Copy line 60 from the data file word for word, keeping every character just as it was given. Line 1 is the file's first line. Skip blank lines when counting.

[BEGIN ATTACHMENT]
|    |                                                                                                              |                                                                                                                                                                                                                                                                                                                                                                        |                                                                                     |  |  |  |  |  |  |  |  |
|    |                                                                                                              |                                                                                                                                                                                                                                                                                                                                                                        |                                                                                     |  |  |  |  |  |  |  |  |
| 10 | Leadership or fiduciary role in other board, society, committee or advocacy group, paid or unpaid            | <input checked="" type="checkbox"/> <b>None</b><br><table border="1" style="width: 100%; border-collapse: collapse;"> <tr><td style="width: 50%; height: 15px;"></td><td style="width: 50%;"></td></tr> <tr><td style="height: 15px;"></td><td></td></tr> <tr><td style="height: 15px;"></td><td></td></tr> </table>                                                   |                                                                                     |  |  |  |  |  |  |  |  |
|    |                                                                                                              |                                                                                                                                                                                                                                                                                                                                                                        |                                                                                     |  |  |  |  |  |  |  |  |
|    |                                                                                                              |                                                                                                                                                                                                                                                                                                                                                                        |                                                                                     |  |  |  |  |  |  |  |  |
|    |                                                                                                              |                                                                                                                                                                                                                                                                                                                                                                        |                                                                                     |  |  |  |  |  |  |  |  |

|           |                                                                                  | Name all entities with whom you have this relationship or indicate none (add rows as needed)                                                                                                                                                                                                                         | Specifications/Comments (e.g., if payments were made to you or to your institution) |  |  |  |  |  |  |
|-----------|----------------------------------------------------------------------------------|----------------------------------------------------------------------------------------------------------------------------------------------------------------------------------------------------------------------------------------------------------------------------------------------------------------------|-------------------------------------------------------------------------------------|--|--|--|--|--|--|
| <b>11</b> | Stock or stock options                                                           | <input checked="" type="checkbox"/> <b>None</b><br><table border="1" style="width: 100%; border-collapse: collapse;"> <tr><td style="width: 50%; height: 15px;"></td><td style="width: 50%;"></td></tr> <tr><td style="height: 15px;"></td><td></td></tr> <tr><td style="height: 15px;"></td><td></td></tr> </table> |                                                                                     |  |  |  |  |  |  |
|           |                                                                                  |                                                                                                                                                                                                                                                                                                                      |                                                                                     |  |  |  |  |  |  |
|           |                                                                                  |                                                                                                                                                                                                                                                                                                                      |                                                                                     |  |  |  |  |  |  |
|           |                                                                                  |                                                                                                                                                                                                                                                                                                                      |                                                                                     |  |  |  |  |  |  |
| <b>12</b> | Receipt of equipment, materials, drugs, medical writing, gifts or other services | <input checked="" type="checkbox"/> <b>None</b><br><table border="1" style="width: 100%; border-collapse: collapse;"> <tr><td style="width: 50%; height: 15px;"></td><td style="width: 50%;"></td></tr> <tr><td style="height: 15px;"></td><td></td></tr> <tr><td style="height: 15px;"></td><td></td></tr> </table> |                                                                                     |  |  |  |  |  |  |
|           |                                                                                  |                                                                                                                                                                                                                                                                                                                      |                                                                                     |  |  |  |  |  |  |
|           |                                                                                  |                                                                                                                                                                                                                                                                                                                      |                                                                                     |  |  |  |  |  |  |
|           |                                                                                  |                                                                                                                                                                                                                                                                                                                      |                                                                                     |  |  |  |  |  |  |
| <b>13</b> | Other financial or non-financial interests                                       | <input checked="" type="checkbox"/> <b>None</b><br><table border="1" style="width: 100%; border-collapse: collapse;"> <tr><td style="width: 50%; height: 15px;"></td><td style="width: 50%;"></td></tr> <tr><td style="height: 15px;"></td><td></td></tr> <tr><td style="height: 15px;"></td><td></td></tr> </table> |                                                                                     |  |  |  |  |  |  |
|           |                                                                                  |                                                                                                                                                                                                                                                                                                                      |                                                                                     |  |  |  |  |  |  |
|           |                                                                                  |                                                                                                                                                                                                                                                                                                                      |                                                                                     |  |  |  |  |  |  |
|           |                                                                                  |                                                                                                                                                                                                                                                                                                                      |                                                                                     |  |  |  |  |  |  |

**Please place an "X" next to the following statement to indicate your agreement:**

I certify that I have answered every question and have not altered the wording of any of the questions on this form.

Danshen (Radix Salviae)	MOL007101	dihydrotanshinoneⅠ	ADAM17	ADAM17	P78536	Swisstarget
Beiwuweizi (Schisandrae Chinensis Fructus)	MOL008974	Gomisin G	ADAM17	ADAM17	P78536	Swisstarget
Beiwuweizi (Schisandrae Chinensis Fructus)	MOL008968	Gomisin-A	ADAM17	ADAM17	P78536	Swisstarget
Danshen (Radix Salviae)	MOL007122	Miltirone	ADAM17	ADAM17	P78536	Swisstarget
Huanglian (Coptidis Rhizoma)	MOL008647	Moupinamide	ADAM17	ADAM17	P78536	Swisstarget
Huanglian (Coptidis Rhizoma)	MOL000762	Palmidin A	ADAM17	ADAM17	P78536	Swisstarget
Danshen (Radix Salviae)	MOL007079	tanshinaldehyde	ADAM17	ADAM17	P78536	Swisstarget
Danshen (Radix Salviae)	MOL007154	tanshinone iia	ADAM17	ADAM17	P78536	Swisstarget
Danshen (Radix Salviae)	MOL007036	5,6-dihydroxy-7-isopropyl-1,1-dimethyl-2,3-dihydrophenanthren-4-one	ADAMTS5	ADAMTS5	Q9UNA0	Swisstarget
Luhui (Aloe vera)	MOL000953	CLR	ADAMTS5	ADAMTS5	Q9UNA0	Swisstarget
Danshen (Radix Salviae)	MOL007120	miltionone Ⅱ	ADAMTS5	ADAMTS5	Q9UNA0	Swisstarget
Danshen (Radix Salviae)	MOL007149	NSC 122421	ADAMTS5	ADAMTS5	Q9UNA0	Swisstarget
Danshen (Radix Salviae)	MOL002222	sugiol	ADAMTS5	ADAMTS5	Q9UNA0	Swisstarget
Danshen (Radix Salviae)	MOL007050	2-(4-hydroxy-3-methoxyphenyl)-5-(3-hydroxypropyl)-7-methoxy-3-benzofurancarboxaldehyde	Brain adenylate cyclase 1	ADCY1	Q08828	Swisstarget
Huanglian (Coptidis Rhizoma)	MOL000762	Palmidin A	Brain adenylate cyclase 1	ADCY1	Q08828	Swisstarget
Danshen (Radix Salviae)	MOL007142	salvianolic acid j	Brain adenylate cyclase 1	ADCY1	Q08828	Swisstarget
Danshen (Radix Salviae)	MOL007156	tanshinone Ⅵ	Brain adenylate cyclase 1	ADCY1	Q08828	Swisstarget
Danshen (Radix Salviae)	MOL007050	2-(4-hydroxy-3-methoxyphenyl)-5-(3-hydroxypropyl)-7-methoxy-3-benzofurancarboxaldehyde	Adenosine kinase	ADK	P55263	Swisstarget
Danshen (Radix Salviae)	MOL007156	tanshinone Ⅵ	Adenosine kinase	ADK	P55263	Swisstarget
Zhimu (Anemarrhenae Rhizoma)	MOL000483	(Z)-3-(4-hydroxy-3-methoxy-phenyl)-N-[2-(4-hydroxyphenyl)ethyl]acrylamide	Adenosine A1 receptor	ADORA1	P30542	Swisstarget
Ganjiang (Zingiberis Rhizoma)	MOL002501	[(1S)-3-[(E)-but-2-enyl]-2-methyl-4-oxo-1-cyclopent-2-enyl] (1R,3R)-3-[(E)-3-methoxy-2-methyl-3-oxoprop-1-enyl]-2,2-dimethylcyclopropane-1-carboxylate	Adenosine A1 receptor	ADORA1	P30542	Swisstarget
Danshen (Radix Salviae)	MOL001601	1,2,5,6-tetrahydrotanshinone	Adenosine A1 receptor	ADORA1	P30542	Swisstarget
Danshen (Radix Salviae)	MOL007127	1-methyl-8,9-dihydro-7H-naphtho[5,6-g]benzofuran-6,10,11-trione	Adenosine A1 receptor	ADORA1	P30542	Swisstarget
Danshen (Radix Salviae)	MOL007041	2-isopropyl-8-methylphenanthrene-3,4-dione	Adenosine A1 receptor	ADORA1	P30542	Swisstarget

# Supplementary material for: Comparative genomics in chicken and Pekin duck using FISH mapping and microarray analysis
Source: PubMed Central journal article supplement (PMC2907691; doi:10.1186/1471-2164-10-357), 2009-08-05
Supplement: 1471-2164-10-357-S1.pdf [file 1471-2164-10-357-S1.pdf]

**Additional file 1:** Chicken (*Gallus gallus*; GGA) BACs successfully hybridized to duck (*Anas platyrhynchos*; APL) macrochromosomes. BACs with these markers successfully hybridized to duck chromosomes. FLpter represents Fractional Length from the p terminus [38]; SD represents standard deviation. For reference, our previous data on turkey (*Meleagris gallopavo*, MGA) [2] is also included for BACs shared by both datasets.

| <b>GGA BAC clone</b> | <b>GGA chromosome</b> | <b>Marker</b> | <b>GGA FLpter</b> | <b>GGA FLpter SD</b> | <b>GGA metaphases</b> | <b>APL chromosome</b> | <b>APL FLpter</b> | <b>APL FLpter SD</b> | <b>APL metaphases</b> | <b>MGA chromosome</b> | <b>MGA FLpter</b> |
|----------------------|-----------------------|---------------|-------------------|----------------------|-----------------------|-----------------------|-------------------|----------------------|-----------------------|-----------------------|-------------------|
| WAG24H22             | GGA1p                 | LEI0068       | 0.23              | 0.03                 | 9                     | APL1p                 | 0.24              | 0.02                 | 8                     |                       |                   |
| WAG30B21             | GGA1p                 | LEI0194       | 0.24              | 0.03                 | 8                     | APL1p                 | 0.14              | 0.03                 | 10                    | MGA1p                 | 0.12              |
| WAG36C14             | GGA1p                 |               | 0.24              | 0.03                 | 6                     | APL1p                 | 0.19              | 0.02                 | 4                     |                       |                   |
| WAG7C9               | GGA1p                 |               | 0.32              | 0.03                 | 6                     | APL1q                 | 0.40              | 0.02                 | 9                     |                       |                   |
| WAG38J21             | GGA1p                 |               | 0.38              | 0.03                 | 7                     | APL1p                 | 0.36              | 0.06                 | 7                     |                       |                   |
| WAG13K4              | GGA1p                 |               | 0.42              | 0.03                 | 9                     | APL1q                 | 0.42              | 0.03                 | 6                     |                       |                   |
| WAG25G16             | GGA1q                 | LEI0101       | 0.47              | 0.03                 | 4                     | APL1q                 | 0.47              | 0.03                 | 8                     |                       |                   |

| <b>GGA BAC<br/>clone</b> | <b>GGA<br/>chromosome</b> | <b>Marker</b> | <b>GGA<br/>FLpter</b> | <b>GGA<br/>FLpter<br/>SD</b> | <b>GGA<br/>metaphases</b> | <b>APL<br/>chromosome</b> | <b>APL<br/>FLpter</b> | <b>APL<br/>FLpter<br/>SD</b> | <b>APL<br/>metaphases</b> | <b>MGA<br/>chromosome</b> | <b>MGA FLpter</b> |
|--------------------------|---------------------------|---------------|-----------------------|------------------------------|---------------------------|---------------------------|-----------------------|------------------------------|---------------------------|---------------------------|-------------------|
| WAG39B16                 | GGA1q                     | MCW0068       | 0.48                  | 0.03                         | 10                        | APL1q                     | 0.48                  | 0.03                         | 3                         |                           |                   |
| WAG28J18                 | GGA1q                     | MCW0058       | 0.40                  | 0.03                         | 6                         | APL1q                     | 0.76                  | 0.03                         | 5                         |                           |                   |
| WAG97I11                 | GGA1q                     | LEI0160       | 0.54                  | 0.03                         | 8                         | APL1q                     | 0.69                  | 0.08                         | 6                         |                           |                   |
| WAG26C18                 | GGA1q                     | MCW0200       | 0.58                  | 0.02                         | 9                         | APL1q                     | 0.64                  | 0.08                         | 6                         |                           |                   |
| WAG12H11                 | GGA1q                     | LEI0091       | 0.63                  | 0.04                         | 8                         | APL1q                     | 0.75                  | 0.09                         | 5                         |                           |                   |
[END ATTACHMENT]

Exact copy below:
| <b>GGA BAC<br/>clone</b> | <b>GGA<br/>chromosome</b> | <b>Marker</b> | <b>GGA<br/>FLpter</b> | <b>GGA<br/>FLpter<br/>SD</b> | <b>GGA<br/>metaphases</b> | <b>APL<br/>chromosome</b> | <b>APL<br/>FLpter</b> | <b>APL<br/>FLpter<br/>SD</b> | <b>APL<br/>metaphases</b> | <b>MGA<br/>chromosome</b> | <b>MGA FLpter</b> |